Has Yellow Tail hurt Australia’s reputation?
I’ve never had Yellow Tail, I’ve never slammed it, but nonetheless I was intrigued by this article about how John Casella, whose Casella Wines produces Yellow Tail, “slammed critics who blame his winery’s Yellow Tail label for undermining premium wine sales abroad.”
Not identified in the article was just who those critics are, but perhaps this four-year old article from Slate is indicative of them. “[W]hat was good for Yellow Tail wasn’t so great for the Australian wines as a whole,” it argues, adding that “consumers came to equate Australia with wines that were flavorful but also cheap and frivolous.”
Mr. Casella takes this theory head-on and counters with a strong argument: “Is Barefoot…destroying the image of American wine?” he asks, logically, concerning the top-selling wine in the U.S. (Yellow Tail is number two.) The answer, obviously, is no, Barefoot is not harming anything. Mr. Casella hits the nail squarely on the head when he asserts that Yellow Tail is “supplying one end of the market that has one type of consumer.” That type of consumer clearly is the value-oriented person who wants a sound varietal wine, at a fair price, which is exactly what Yellow Tail offers.
I’ve never understood this argument that low-priced wine drags down the reputation of its region. That’s just dumb. We have something called market segmentation in wine, as in clothing, cars and just about every other consumer good and service; that’s the way economies work, particularly in complex societies. Nobody ever suggested that a Chevy Aveo was dragging down Cadillac’s reputation, simply because both cars are manufactured by General Motors. Similarly, nobody ever said that Two-Buck Chuck was harming the reputation of California wine. (And by the way, oceans of plonk certainly didn’t interfere with France’s reputation for fine wine.)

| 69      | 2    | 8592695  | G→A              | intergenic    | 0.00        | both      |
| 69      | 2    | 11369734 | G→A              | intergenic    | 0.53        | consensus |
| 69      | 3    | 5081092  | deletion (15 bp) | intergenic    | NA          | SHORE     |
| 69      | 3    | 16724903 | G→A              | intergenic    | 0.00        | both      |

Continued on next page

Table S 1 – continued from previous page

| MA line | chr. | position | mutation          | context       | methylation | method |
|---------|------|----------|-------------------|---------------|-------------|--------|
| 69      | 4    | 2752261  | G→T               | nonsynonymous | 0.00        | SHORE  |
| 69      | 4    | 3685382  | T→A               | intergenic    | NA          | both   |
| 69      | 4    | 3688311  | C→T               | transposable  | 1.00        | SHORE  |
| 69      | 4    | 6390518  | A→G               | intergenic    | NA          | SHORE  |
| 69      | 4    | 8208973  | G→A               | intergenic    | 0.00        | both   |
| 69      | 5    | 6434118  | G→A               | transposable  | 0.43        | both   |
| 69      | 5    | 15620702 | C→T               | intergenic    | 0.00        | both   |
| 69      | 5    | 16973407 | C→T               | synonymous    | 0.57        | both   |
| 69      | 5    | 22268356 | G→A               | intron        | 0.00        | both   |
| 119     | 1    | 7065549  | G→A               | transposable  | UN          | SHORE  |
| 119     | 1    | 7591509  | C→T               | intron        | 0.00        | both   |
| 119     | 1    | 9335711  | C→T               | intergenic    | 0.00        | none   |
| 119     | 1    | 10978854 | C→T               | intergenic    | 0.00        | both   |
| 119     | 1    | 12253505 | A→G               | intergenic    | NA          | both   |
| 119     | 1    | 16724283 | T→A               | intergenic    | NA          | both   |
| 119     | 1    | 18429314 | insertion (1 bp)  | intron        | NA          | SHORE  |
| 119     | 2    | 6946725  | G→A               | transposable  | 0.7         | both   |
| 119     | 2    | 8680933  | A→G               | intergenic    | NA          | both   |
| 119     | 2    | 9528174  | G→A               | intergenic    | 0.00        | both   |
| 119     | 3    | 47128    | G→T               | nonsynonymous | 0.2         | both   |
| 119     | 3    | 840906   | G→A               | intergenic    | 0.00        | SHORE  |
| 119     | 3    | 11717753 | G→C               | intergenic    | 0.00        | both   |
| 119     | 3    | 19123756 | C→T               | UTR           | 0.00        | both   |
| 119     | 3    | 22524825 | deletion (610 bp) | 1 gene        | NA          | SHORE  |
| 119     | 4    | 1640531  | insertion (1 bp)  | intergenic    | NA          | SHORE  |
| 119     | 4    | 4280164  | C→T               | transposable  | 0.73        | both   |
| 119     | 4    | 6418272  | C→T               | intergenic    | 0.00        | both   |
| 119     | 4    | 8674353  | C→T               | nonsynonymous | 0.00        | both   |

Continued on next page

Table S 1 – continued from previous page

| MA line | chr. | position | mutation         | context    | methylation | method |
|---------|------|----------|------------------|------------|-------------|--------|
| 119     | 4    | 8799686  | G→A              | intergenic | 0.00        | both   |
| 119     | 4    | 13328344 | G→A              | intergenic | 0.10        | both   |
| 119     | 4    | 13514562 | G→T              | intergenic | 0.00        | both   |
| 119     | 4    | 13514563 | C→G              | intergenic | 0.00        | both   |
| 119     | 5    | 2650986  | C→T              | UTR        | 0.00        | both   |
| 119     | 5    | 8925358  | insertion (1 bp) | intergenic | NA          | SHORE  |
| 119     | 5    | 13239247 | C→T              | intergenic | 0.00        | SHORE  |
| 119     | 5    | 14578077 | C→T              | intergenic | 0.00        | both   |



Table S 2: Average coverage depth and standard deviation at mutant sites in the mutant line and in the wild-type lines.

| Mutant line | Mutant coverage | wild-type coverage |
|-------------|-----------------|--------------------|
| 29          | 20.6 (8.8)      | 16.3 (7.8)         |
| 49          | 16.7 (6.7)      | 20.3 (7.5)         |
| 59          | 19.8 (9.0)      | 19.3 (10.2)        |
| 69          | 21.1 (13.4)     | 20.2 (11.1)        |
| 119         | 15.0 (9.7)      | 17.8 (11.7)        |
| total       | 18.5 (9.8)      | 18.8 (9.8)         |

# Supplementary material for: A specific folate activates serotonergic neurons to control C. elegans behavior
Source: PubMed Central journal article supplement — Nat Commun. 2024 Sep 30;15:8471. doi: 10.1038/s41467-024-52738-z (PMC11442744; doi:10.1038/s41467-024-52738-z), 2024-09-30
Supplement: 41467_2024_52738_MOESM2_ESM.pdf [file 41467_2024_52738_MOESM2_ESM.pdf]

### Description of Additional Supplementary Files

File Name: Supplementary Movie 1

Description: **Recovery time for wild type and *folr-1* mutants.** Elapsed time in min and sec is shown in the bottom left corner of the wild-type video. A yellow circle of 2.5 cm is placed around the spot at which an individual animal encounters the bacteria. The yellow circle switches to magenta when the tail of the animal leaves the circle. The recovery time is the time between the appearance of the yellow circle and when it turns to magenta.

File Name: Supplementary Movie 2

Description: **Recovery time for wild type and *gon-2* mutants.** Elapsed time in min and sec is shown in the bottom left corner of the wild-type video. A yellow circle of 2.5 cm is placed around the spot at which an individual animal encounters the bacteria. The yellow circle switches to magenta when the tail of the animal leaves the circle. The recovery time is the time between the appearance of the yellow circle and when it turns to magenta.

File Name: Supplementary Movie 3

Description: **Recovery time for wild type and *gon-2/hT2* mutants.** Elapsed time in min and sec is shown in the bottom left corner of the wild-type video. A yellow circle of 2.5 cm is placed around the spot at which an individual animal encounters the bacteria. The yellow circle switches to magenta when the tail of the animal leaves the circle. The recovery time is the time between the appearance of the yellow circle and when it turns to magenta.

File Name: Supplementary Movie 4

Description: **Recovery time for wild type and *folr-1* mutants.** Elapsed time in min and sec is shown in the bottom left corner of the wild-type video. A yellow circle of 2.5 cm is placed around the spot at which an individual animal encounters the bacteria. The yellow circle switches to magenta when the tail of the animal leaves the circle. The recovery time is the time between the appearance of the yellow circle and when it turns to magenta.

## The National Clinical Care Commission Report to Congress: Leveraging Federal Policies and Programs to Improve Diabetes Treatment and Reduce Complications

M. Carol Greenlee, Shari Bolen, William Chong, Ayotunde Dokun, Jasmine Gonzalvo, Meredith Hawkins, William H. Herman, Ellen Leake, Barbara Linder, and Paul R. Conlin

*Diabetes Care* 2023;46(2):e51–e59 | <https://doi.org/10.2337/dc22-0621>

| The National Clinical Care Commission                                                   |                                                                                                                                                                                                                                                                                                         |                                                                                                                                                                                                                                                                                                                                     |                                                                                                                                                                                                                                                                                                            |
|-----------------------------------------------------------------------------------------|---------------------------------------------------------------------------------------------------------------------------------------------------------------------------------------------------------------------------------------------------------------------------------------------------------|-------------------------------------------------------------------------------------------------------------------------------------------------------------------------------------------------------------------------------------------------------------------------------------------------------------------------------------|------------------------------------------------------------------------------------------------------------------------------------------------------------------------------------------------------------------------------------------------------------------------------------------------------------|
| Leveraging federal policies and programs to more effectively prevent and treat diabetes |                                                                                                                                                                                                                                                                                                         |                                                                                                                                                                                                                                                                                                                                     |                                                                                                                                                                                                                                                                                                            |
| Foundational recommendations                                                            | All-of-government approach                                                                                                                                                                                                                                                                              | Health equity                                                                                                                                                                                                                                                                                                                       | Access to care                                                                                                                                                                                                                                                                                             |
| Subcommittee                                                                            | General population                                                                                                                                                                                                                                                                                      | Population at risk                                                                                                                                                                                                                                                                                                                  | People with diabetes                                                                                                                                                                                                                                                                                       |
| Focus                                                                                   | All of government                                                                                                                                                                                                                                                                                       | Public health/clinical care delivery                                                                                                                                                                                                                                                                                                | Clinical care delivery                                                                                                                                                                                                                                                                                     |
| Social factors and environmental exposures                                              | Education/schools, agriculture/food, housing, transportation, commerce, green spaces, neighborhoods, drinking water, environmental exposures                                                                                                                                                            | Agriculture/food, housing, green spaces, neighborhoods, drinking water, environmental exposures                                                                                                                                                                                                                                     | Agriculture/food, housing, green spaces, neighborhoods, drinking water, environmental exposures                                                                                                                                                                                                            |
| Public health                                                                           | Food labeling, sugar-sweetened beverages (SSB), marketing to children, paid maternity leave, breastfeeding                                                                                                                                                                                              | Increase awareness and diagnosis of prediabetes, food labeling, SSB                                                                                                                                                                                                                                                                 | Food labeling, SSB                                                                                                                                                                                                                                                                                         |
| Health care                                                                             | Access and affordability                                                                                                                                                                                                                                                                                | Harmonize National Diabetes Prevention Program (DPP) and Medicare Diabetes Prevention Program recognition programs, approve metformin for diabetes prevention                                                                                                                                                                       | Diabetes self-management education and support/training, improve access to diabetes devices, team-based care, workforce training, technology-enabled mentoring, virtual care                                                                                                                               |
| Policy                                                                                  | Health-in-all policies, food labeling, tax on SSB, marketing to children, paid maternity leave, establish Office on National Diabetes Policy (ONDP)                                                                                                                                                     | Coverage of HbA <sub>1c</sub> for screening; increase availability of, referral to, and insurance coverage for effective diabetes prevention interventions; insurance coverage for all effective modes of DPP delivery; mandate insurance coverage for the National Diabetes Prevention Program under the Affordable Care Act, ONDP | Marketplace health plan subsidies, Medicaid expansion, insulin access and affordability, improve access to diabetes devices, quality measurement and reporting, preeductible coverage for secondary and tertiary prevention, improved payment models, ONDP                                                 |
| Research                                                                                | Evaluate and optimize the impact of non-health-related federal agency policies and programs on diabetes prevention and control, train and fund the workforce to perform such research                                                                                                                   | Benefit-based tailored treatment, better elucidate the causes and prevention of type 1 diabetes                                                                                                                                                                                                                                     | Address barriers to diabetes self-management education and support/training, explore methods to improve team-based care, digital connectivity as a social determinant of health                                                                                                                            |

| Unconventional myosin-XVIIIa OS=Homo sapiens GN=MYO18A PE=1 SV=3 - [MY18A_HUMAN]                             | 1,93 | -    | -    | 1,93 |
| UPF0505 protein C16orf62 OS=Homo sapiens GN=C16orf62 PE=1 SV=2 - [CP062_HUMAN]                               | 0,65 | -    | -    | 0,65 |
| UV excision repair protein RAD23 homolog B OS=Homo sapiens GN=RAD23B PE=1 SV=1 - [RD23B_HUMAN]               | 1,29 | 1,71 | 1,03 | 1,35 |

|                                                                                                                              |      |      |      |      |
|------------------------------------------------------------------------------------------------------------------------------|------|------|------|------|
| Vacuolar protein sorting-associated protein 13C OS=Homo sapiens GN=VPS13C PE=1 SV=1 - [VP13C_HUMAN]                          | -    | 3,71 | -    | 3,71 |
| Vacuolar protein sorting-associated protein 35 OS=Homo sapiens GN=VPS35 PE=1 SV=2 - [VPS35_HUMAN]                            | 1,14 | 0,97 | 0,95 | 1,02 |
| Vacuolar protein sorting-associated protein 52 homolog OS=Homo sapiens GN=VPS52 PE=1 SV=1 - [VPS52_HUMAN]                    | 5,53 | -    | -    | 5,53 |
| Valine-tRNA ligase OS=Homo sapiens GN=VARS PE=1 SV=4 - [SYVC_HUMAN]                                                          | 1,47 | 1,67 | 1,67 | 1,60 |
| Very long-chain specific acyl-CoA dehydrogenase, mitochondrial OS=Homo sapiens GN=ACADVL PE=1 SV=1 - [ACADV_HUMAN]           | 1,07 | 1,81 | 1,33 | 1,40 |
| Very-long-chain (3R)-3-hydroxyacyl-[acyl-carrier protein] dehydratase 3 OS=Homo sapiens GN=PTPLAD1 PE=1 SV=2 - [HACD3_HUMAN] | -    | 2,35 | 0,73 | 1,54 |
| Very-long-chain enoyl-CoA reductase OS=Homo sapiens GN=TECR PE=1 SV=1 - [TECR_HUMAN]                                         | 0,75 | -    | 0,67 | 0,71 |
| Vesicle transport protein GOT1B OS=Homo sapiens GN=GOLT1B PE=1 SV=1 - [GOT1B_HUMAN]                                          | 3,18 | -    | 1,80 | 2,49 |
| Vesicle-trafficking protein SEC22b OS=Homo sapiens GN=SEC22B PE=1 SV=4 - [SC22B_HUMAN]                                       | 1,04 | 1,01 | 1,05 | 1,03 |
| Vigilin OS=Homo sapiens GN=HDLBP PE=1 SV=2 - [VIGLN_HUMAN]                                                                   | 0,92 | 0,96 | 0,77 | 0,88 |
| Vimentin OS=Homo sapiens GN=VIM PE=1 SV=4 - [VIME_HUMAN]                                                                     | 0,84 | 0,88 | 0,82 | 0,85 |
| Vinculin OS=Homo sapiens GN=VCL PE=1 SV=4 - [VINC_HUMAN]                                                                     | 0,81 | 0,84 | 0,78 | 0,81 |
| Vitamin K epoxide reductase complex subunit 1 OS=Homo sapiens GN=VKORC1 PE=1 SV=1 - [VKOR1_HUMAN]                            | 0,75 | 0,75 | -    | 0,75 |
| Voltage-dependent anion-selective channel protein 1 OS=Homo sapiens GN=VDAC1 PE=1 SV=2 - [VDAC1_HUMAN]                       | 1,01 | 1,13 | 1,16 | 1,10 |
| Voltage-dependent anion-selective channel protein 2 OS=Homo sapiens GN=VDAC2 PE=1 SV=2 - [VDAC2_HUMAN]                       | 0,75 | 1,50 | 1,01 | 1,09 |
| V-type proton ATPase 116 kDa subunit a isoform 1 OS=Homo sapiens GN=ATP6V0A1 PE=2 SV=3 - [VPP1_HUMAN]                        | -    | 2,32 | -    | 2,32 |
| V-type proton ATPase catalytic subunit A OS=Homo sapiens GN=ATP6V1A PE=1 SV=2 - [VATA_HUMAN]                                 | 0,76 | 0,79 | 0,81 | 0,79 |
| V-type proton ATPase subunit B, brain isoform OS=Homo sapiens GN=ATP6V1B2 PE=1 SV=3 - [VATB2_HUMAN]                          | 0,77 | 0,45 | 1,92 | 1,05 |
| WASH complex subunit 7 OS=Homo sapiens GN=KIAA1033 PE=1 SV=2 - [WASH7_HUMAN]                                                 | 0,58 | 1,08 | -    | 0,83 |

I’ve long been a proponent of cheap wine. It allows people of modest means to drink wine (which I believe is in and of itself a good thing, since wine has a civilizing effect on humankind). Throughout all of history, people have had a need for inexpensive wine, and producers like Yellow Tail, Barefoot and Two-Buck Chuck fulfill that market niche with professionalism and aplomb.
Now, it may well be that some Americans viewed Australia through the lens of Yellow Tail (or other low-priced brands that flooded the U.S.). But that’s not Yellow Tail’s fault: it’s the fault of wine educators, including writers, somms and merchants. It’s a big, complicated world out there; I think consumers are interested in learning more about imported wines, if only someone would give them the chance.
Incidentally, although I’ve never reviewed Yellow Tail, my colleague at Wine Enthusiast, Joe Czerwinski, routinely does, and he’s given it lots of “Best Buys.” I have a feeling I would, too, if I covered the wines of Australia. So I give credit to Yellow Tail.